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Board OKs controversial $49M Charlottesville jail renovation in 10-1 vote

Months of public pushback could not stop the inevitable Thursday afternoon, when the board that oversees the Albemarle-Charlottesville Regional Jail successfully pushed through a plan to renovate the facility.

While the project price is pegged at $49 million, that is expected to balloon to $73 million once the interest on the bonds needed to fund the project are added.

The final vote was 10-1, even after a bevy of taxpayers raised significant concerns during public comment.

It is a victory for jail Superintendent Martin Kumer and his staff, as well as Moseley Architects, the Richmond firm enlisted to help execute the renovation that will include demolishing the east wing of the 1975-vintage facility and building a two-story, 33,100-square-foot structure in its place.

But it’s a stinging defeat for opponents who are convinced that the jail’s bleak conditions could be meaningfully improved at a much lower price and that the board did not seriously consider cheaper alternatives.

What’s more, the plan’s opponents feel they were not only cut out of the decision-making process, but that their own words were used against them to justify a $49 million renovation they do not support.

“I want to go home and cry,” Susan Perry, a local criminal justice reform activist, told The Daily Progress after the vote.

She was one of many who left disappointed.

It was the culmination of months, if not years, of frustration for those who have been watching the project closely. As the 11-member board heard during public comment, several of the renovation’s critics had been previously told that there would be more time before any commitments were made, that decision makers would accommodate community feedback in the final proposal.

But the project approved on Thursday is the same project that board leadership first proposed in 2021.

The majority of board members think that $49 million project is in the best interest of the community.

“For a community as wealthy and compassionate as ours, it’s unconscionable not to make the sort of renovation that we need to make,” Charlottesville City Council member Brian Pinkston, who sits on the jail board, said before casting his vote.

Critics have argued that it would be more compassionate to put money into social programs that are shown to reduce crime and help prevent people from entering the criminal justice system at all.

That was part of the argument Lisa Draine, the lone board member to vote against the project, made as she tried in vain to sway her colleagues.

“A crisis of prioritization exists when we continue to pour millions of taxpayer dollars into structures like this jail which, I’m sorry, are designed to detain, humiliate and harm mostly poor people in our community,” Draine said.

A citizen representative, Draine was alone on the board when she advocated for a far cheaper $25 million renovation that would see savings fund social programs in the communities the jail serves. It was a position shared by the 15 or so members of the public who attended the meeting who would rather see the money spent on education, mental health programs and affordable housing.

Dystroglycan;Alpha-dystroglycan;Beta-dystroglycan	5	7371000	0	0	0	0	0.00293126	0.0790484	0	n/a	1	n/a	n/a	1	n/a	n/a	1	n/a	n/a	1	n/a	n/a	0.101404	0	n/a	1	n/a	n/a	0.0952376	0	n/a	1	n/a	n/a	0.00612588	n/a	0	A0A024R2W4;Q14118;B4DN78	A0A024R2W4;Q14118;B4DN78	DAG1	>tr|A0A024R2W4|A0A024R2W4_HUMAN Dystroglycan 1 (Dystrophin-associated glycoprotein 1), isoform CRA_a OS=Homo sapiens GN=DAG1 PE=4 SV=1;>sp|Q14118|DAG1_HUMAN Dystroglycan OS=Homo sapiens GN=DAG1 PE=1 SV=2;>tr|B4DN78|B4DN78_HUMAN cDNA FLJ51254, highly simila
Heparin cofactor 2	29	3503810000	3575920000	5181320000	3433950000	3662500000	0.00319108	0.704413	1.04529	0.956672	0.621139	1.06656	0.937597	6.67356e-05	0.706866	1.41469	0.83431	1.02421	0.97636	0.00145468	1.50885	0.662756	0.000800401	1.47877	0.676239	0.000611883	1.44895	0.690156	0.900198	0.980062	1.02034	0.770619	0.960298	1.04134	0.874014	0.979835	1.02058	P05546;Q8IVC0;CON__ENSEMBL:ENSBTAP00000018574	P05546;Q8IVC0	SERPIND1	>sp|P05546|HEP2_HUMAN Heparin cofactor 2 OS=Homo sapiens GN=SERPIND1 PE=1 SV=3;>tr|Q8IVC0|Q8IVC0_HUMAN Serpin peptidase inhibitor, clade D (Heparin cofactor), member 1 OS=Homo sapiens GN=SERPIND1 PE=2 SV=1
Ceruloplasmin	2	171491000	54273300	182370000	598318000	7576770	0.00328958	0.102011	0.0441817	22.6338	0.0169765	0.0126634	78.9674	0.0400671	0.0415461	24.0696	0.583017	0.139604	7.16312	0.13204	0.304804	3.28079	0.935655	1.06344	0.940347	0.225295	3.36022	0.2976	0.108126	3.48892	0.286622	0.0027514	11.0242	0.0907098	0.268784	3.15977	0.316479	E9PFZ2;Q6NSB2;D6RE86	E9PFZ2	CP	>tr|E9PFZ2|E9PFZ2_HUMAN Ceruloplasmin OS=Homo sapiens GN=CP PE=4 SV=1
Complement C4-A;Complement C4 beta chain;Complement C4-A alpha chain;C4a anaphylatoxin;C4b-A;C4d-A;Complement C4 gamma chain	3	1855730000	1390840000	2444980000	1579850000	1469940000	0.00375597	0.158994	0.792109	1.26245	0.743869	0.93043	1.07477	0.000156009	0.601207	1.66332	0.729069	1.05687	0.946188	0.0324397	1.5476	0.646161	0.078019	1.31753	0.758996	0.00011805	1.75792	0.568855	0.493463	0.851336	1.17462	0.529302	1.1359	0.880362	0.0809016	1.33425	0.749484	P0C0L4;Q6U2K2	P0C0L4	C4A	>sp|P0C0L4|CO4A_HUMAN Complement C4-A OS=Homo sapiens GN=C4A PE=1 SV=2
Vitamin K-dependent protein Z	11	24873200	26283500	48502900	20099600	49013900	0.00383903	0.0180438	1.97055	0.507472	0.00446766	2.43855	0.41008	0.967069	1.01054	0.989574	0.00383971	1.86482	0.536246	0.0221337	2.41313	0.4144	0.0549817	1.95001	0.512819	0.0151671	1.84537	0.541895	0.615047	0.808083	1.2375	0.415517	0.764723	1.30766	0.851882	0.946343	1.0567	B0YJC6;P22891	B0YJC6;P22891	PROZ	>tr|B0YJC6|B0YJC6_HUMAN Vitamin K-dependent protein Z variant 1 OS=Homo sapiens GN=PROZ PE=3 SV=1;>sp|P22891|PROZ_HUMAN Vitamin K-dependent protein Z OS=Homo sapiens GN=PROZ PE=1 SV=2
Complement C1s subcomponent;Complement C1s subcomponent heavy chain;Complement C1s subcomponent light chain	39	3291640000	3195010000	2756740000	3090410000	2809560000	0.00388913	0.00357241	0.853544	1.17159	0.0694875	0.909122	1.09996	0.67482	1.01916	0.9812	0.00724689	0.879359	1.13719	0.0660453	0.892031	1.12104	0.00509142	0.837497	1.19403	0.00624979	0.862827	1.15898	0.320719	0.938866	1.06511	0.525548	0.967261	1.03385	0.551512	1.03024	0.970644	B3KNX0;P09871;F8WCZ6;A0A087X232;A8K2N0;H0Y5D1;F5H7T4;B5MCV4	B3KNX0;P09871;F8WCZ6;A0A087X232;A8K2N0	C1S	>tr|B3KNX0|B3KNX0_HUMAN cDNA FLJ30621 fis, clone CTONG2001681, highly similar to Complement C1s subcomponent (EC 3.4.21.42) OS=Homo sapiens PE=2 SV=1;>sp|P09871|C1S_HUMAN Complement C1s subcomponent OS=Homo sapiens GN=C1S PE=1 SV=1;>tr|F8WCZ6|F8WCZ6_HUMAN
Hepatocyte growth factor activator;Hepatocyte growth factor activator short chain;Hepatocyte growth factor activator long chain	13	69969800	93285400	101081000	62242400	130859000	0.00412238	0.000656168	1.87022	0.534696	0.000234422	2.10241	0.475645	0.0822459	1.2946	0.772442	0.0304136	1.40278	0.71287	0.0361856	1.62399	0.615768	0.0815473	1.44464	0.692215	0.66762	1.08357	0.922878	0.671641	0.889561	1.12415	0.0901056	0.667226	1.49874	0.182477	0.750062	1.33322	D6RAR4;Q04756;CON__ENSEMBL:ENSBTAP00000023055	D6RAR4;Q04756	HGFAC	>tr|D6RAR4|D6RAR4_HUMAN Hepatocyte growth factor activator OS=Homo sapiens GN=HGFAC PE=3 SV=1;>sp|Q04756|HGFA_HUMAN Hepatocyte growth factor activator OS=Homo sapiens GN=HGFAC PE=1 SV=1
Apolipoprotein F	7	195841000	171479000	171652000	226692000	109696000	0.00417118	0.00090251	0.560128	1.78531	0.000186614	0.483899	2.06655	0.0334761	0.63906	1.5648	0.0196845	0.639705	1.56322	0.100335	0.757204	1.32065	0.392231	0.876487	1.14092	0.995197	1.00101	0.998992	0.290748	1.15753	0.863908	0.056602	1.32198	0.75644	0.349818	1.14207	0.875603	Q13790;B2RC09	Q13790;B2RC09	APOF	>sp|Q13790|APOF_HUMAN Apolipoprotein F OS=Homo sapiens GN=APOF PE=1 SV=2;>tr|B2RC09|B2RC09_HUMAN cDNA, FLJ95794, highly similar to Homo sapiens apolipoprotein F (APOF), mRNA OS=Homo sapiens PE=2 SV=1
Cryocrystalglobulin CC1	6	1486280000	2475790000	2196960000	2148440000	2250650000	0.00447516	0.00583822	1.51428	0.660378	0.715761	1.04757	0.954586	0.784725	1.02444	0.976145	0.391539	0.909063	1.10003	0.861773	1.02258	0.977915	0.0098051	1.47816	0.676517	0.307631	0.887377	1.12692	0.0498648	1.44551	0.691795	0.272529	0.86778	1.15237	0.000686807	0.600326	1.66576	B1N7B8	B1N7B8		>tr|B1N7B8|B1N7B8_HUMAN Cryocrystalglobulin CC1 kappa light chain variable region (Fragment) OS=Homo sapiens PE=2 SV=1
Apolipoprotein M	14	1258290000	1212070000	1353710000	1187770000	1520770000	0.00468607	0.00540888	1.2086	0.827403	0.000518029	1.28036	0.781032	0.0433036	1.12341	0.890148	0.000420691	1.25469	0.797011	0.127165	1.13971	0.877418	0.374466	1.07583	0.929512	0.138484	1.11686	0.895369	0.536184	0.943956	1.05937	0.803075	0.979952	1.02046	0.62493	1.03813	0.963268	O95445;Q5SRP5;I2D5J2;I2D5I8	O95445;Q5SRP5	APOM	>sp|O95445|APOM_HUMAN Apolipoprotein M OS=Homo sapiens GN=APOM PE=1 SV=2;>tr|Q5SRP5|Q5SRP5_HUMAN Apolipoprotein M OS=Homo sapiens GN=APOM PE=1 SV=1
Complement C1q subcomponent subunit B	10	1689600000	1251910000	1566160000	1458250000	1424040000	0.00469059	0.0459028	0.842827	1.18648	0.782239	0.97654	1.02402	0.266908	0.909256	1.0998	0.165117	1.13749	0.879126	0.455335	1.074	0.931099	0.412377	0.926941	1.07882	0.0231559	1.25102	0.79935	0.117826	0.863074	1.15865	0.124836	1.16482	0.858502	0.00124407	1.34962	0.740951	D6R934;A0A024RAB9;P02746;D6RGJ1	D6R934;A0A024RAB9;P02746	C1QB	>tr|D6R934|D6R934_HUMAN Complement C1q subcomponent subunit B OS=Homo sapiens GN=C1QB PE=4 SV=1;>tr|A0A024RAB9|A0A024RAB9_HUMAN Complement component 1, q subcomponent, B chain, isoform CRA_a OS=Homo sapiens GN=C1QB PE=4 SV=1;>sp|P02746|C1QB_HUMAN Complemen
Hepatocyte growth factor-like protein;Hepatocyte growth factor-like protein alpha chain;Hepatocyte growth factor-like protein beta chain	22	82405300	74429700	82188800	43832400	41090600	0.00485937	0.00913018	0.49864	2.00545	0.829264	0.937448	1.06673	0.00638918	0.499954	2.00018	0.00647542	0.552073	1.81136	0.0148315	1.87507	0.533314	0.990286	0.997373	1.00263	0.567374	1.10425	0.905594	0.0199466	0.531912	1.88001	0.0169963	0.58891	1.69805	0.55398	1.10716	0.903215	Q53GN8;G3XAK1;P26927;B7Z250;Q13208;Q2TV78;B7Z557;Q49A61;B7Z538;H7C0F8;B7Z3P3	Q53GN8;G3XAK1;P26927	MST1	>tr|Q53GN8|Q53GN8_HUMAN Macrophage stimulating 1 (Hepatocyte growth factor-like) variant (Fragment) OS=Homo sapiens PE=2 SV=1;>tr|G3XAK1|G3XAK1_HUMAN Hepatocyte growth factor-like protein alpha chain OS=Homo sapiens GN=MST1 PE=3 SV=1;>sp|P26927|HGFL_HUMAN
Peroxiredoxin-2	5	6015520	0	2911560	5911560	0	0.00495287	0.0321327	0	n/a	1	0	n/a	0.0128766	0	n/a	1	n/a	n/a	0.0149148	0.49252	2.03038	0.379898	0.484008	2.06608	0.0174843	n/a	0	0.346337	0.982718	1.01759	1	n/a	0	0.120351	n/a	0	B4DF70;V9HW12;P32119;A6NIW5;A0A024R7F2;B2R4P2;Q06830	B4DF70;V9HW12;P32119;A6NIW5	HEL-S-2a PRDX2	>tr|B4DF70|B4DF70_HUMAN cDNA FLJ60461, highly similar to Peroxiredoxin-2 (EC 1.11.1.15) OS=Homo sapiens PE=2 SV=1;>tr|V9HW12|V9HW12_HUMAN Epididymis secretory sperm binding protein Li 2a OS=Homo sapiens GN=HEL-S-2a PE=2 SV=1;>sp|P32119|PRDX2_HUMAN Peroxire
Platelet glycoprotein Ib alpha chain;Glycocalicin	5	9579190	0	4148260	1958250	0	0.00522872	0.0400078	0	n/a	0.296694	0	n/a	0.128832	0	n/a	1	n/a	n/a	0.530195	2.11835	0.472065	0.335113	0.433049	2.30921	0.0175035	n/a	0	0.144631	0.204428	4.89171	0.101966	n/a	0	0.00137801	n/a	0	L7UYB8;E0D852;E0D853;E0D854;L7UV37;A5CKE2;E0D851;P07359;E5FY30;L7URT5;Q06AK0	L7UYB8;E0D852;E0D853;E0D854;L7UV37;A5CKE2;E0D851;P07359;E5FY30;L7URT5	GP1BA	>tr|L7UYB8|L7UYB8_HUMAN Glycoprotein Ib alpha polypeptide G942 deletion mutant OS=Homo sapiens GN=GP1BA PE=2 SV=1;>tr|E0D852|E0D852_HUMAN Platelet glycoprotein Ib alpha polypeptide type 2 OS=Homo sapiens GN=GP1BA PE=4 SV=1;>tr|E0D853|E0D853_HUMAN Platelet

“I’m asking you to use your platforms to advocate for a deep investment of our shared resources for community programs and services that service individuals reentering society and that address long-term solutions to issues that may lead to someone ending up here in the first place,” she said.

In Pinkston’s prepared comments, he argued the board’s primary responsibility was to make sure the jail was as ethical and as effective as possible.

“It is not the role of the ACRJ or others to be making larger, regional decisions about mental health or other ways to spend taxpayers’ money. That’s the job of the elected officials who lead their respective jurisdictions,” Pinkston said. “The role of this body is to take care of the jail.”

Ultimately, Pinkston and Albemarle County Supervisor Diantha McKeel, who is the board’s chairwoman, are betting that more community members want to see the $49 million renovation than don’t. They believe the critics are a small but vocal minority.

“I have to also represent the people that are not in this room. The people that don’t have time to come to these meetings or that have a different viewpoint, but they can’t get here for whatever reasons,” McKeel told The Daily Progress. “My job is to represent everybody, not just the loudest voices.”

Those who spoke during public comment said that they are not alone. Their neighbors and friends, they said, share their concerns.

Kate Fraleigh said she has been following the process since 2019. She’s been regularly advocating for the board to spend less money on a renovation, replacing piping and HVAC instead of creating a brand-new wing that will increase the jail’s square footage.

She told The Daily Progress she was not surprised by the outcome of Thursday’s vote.

And while both opponents and proponents believe the majority of the public is on their side, no one can say for sure how many residents in the jail’s service area — which includes the city of Charlottesville and the counties of Albemarle and Nelson — actually support the project.

“I think most people aren’t paying attention,” Fraleigh said.

The governing bodies of Charlottesville, Albemarle and Nelson must now vote to approve the project before it is set in stone. Each body appears to have the votes necessary to advance the plan.

Charlottesville, Albemarle and Nelson plan to split the cost of any renovation: Albemarle will be responsible for 45.39% with the city covering 39.87% and Nelson covering 14.74%. The project is eligible for 25% reimbursement from the commonwealth.


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